In my family, school is out and it’s time for us all to slow down. While we often think of Ignatian spirituality as a spirituality of service, it is also deeply contemplative. One of the most formative times in Ignatius’s own life took place on the banks of the River Cardoner at Manresa. There, he experienced illumination in which God taught him spiritual truths de arriba (“from above”). That time was not only one of theological enlightenment, however. Before Manresa, Ignatius was more concerned with a sense of his own sinfulness, and often enacted harsh penances on himself. After Manresa, Ignatius became much more centered on love of other people. He recognized that his earlier habits were self-centered despite being superficially God-centered. Ignatius turned to study, works of mercy, the foundation of the Society, and a life deeply informed by friendship.
Contemplation is essential for us as well, not only at certain phases of our lives, but every day. By disposition, I am inclined to overwork while trying to balance the demands of the academic world with raising a family and running a household. When my efforts at care for others are not balanced with time to allow God to take care of me, watch out! God is constantly telling me to “slow down” and not to rush through life or to try to solve problems too quickly. For example, in interpersonal conflict, I am often tempted to rush through to problem solve when the situation may call instead for more time to find internal peace and good discernment. Contemplation nurtures my patience when I lack patience.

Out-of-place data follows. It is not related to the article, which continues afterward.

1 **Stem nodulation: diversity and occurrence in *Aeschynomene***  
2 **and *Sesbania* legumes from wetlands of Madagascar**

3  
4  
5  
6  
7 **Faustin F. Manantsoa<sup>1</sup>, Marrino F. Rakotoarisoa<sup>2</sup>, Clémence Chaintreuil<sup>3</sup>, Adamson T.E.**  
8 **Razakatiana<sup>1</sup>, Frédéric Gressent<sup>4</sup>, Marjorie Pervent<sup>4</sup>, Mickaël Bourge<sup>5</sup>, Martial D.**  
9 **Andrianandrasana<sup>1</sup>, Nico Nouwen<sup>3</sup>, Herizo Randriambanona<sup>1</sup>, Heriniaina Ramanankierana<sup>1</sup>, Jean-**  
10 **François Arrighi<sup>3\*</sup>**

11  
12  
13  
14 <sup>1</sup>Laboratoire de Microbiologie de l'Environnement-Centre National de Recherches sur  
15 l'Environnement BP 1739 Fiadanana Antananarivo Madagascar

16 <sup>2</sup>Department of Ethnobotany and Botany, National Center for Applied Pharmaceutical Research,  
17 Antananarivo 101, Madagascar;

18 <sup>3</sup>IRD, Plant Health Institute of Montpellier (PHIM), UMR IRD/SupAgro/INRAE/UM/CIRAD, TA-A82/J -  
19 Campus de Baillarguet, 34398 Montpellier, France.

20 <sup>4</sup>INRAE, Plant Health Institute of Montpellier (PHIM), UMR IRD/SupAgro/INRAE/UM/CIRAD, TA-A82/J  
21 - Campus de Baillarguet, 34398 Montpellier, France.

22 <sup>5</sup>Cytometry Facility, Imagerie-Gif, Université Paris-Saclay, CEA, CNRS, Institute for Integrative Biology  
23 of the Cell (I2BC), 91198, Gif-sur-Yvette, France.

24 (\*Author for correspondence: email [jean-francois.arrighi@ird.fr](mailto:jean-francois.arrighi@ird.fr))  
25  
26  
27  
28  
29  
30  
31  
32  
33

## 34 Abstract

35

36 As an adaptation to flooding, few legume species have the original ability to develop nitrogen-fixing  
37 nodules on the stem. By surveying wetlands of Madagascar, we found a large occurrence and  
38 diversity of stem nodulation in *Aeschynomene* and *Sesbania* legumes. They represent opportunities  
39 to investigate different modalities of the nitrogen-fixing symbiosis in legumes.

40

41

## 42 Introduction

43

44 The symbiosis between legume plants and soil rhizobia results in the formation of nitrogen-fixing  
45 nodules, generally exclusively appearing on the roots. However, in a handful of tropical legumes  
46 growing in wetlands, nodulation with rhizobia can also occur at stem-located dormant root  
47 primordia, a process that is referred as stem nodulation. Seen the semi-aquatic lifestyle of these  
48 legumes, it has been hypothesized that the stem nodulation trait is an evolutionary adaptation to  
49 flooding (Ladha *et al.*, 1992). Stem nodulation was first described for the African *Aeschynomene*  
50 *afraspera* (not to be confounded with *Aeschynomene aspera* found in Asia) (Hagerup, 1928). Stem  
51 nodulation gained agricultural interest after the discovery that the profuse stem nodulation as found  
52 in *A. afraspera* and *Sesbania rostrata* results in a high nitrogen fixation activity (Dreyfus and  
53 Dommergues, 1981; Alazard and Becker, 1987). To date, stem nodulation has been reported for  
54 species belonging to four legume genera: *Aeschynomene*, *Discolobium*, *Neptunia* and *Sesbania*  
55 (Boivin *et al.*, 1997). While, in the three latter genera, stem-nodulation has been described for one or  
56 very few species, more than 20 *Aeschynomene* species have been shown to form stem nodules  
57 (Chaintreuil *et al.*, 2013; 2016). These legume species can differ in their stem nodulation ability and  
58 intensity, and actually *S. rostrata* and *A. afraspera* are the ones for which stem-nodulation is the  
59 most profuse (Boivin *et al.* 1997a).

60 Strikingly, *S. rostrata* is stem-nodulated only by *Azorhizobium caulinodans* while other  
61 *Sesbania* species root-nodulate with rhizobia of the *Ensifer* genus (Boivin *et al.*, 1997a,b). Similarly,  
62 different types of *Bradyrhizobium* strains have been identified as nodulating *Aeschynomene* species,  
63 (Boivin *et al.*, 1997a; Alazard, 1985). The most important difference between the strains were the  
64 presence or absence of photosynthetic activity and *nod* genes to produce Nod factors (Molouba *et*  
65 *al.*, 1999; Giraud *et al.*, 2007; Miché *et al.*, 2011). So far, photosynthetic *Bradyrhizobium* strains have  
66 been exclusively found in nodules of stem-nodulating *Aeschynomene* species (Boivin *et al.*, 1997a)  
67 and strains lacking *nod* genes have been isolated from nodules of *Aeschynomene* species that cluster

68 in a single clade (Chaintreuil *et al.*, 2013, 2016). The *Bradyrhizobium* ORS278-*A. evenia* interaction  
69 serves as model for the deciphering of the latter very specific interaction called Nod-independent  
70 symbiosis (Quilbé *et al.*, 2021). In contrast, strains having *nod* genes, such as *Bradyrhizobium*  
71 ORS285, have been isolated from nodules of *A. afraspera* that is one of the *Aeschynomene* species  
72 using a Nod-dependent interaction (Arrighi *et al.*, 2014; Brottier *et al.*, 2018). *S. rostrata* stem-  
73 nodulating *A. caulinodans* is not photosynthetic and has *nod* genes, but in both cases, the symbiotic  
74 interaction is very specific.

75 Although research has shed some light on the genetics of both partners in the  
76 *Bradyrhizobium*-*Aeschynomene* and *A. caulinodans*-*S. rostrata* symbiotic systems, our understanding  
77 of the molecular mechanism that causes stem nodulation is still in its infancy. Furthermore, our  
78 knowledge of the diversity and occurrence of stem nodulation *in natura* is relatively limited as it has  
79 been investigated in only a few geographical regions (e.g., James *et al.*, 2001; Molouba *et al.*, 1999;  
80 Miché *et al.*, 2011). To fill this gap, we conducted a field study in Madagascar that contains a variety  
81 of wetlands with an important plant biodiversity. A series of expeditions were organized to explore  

Practically, becoming more contemplative has meant setting aside specific times to pray both at the beginning and end of the day, as well as undertaking a yearly ocean-side retreat. As Francis de Sales said, “Every Christian need a half-hour of prayer each day, except when he is busy; then he needs an hour.” Such prayer can be active or simply being in God’s presence for a time, as one spends time with a friend or lover.
Just as importantly, an attitude of contemplation throughout the day helps to keep me centered. Contemplation can mean slowing down enough to look at the trees and flowers on a walk, listening wholeheartedly to a student or colleague, or savoring a meal with the family at the end of the day. God is always speaking to us, but we need to slow down enough to listen. In contemplation, we find that God is always at the center. As with Ignatius, we can then be freed enough from the sometimes heavy weight of the self to find God in all things.